BIM-Interview – Bilal Succar


BIM-Interview – Bilal Succar

Dr. Bilal Succar
Dr. Bilal Succar
1: Dear Bilal, please introduce yourself for the readers of

Thank you Stephan for this opportunity. I’m a BIM strategist, assessor and researcher based in Melbourne, Australia. I’ve worked in the construction industry for a nearly ten years before focusing exclusively on BIM and digital transformation. I studied many subjects (management, design, fine arts, organisational culture…) and – after a long break – completed my PhD in BIM performance improvement. I’m the director of, an online platform for assessing the performance of individuals, organisations, and teams. I have participated in many industry initiatives, published a number of academic journals, and presented my research/work in a number of countries. I share my thoughts through social media and especially my two blogs (intended for the informed practitioner) and (intended for domain researchers).

2: What is the best thing about your job?

As an independent researcher with my own start-up business, I enjoy the ability to investigate the topics I care about, share knowledge with like-minded professionals, and work with highly-intelligent people from different parts of the world.

3: Do you have a favourite and worth reading BIM / industry related blog/website?

There are so many excellent resources for BIM industry news like BIM+ and BIMcrunch. However, these are not enough to keep pace with the flood of information available on a daily basis. To capture most of what I need, I rely on LinkedIn and my Twitter feed to identify the best resources. Through these, and other social media, I follow the works of many experts and academics who share their valuable insights and provide an endless stream of links to rich content.

4: Do you have a favourite and worth reading BIM / industry related book?

I’ve read many (but not all) BIM-focused books which sadly vary a lot in quality. If I have to choose, the best one to date – I believe – is still the BIM Handbook by Charles Eastman (and others). However, since the BIM field moves much faster than books can be published, I tend to depend more on peer-reviewed journals and conference papers to learn new things. While these are not always fun to read, I find that they provide the best return on effort.

5: From your sight, what are the fascinating possibilities BIM can provide?

BIM provides the language necessary to improve construction efficiency and reduce process waste. Even a minimum capability in using BIM software tools can significantly boost productivity for those using them through data-rich visualisations and documentation efficiency. The benefits increase substantially when organisations start collaborating using model-based workflows. This would allow them to coordinate their respective spatial requirements, improve cost planning and construction sequencing. However, the most fascinating possibilities are only available when project stakeholders move beyond model-based collaboration and start integrating their models with external databases (e.g. GIS and Building Automation Systems), and synchronising all their deliverables across the facility’s whole life cycle.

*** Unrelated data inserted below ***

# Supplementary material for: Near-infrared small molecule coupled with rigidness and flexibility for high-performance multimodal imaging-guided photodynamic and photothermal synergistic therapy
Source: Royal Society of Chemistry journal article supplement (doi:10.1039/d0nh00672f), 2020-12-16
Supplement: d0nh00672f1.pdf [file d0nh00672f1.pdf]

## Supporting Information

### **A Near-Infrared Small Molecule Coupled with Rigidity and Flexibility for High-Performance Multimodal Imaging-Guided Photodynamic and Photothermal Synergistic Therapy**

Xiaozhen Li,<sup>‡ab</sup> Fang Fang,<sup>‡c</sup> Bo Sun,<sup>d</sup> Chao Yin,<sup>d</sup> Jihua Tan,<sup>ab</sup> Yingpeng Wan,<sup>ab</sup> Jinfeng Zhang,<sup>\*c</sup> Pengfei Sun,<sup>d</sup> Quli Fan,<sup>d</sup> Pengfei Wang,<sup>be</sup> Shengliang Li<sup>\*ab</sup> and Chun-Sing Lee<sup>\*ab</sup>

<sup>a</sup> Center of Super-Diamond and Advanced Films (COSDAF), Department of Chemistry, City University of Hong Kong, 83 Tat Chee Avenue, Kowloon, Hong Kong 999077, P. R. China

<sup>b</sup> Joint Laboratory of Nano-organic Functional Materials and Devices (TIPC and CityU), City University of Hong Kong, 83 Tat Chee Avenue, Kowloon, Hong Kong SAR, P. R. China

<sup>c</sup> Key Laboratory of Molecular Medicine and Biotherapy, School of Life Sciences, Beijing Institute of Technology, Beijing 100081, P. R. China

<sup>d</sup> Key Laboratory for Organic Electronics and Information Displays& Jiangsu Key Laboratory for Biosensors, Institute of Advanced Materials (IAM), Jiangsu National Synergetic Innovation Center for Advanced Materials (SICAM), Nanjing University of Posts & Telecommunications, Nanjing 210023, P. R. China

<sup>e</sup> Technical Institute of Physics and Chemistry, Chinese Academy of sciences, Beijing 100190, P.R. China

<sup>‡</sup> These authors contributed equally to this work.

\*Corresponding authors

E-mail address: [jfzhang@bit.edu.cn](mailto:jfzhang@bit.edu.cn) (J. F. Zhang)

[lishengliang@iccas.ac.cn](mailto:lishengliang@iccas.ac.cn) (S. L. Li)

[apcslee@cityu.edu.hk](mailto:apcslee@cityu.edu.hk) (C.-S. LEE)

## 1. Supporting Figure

6: In your opinion, who do you believe is leading the way towards the use of BIM and BIM regulations?

I’m assuming you’re asking about ‘leading countries’ rather than ‘leading organisations’. With respect to countries, there’s no overall leader in the BIM space despite all the hype and publicity. We can only identify leadership in specific areas of BIM adoption. For example, we can safely say that large US contractors are leading the way in exploiting BIM tools and integrated workflows. We can also clearly identify UK’s policy makers as leading the pack in specifications and standards. Finally, we can give the uncontested leadership in open collaboration to Norway and Finland. Having said that, in my view, following the ‘leader’ or – even worse – copying the leader is counterintuitive. Each country should chart its own route while learning from the successes and failures of others. Of course, we need to align the requirements and standardise the deliverables across countries, but each country will still need to define the workflows and procedures that best suit their local culture.

7: In your opinion, how does the future of BIM look? Which part of BIM will be the key role?

BIM encourages process innovation within our industry. As a term, it has a limited shelf-life and there will be a new term to replace it within a few years. However, if we look more widely and not focus on the term itself, there’s a fascinating future for integrated digital workflows within organisations and across project teams. The key to all this is – not tools, standards or protocols but – education. That is, unless we can figure out how best to educate our current and future professionals, then we are bound to miss much of the benefits from adopting BIM tools and workflows.

8: Thank you Bilal for taking time for the interview. One last advice for people who are BIM rookies?

The best advice I can give to every professional and academic is to invest their time in understanding the problems our industry is facing and how we can solve these through open collaboration and knowledge-sharing. There’s so much to be un-learned and much more to be learned: Try to learn as many software tools as possible. Try to learn from the experiences of others by joining user groups. Try to understand the international standards being released and protocols being developed. Most importantly, try to involve yourself in wider discussions than what you typically need in your daily work. BIM is about digital transformation in our industry and there’s a role for each of us to play in it. Finally, thank you Stephan for this opportunity; I’m sure your blog will be an excellent resource for BIM beginners and experts alike.